PCI-DSS Version 1.2 - Changes Forthcoming
The PCI Security Standards Council has released a summary of changes and clarifications for version 1.2 of the PCI-DSS standard, which is scheduled for release on October 1, 2008. In an effort to combat the growing problem of card theft, the Payment Card Industry Data Security Standard has been established to ensure that through the use of imposed regulations, compromises of customer card data will not be easily possible. Virtually anyone wishing to handle or process customer card data is familiar with these regulations and probably equally aware of the costs associated with achieving and maintaining PCI compliance. For some people, security is difficult to invest in. You spend a lot of money on something, and you may feel like you don't receive any tangible or perceptible benefit afterwards. You may have even been forced to change some aspects of your business in order to adopt processes that feel less efficient. However, several retailers are now facing serious repercussions from the Federal Trade Commission, as well as bills as high as $16 million to deal with a recent widely publicized security breach. This is roughly the equivalent of forgoing a $50 oil change and later having your vehicle towed, followed by a bill for $5,000 to swap out your seized engine. Perhaps more importantly, you may have failed to uphold the trust that your customers placed in you to safeguard their personal information. This is difficult to put a price on, but most economists will likely tell you that it is very high.
The US Department of Justice recently announced the indictment of 11 individuals, alleging large scale credit card theft from at least eight major US retailers. One individual named in the indictment has a bit of history in the carding scene, having previously been arrested in connection with Operation Firewall, which brought down Shadowcrew in 2003. In fact, this individual was acting as a key informant in the case, working with law enforcement to set up a VPN for the group that would log all of their activity. Presumably they reached an understanding whereby he would cease his criminal activities, but law enforcement now knows that he instead opted to pursue a slightly different agenda. Now, they would like him and his associate to return the $2 million, Miami condo, 2006 BMW, various laptops, plasma TVs, iPods, and an assortment of other consumer electronics devices that they allegedly purchased since the original encounter, using means that law enforcement feels were less than legitimate. The 41 million cardholders that unknowingly contributed to this comfortable-sounding lifestyle probably share their sentiments, too. I personally had a credit card fraudulently copied and used during that time frame. For all I know, I might have made one of those BMW payments. But more disturbing is the fact that this individual's profits are only the tip of the iceberg. Quite frankly though, if I knew which retailer it was that failed to protect my card, I don't think they would be likely to get my future business.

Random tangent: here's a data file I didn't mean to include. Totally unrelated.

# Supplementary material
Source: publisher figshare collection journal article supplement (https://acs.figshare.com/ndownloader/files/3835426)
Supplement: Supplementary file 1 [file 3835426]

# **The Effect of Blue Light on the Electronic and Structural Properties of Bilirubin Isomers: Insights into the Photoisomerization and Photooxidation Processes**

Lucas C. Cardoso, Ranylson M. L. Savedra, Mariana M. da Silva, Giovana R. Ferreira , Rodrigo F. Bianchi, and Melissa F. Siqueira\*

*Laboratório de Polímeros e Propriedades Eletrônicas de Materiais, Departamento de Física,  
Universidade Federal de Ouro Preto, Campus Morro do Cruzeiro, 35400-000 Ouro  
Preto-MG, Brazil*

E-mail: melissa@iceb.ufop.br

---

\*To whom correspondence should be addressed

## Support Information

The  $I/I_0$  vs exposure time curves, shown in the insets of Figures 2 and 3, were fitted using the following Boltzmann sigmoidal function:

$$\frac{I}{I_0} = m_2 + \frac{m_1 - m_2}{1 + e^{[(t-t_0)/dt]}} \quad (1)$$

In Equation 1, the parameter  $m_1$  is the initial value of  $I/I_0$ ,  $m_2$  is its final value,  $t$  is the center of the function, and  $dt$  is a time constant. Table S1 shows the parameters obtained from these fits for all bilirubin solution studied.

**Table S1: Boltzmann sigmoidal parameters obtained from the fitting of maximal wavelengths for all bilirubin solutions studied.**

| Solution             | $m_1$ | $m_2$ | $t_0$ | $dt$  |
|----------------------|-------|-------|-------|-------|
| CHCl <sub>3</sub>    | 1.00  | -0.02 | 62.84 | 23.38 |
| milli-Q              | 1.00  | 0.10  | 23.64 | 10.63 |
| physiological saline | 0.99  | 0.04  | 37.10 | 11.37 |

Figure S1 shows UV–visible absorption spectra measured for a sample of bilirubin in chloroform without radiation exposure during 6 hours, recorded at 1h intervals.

This particular attack involved wardriving in front of the establishment to compromise computer systems within a given retailer's premises, and installing a sniffer to capture the "track 2" data off of the credit and debit cards being used to make purchases. Track 2 data, which is what carders refer to as "dumps," resides on the magnetic stripe of credit and debit cards and contains account numbers and expiration dates. This data is then written to other cards using inexpensive magstripe writers, and used to make purchases. One might reasonably expect that the systems performing such transactions are not accessible from the parking lot via unsecured wireless network connections. But, in the case of at least some of the victimized retailers, that was expecting too much. Others victims chose encryption algorithms with poor security, which required only a little more patience on the attacker's part.
The PCI Security Standards Council has released a summary of changes and clarifications for version 1.2 of the PCI-DSS standard, scheduled for release on October 1, 2008. Some of the updates deal specifically with improving wireless security in areas that were exploited by these attackers. The key changes are as follows:
-Removal of WEP as an acceptable wireless encryption algorithm
-Emphasized requirements for disk encryption on local user account databases
-Wireless must use industry best practices and strong encryption, such as 802.11x
-Emphasis that anti-virus software requirement applies to all operating systems
-Anti-virus solution used must provide coverage against all types of malicious software
-More rigorous testing of all public-facing web applications
-Emphasis that requirement to secure media applies to electronic and paper media containing cardholder data
-Testing procedures must verify that passwords are unreadable in storage and transmission
-Additional guidance on wireless analyzers and wireless intrusion detection (IDS) or intrusion prevention systems (IPS)
-An Approved Scanning Vendor (ASV) must be used for quarterly external vulnerability scans
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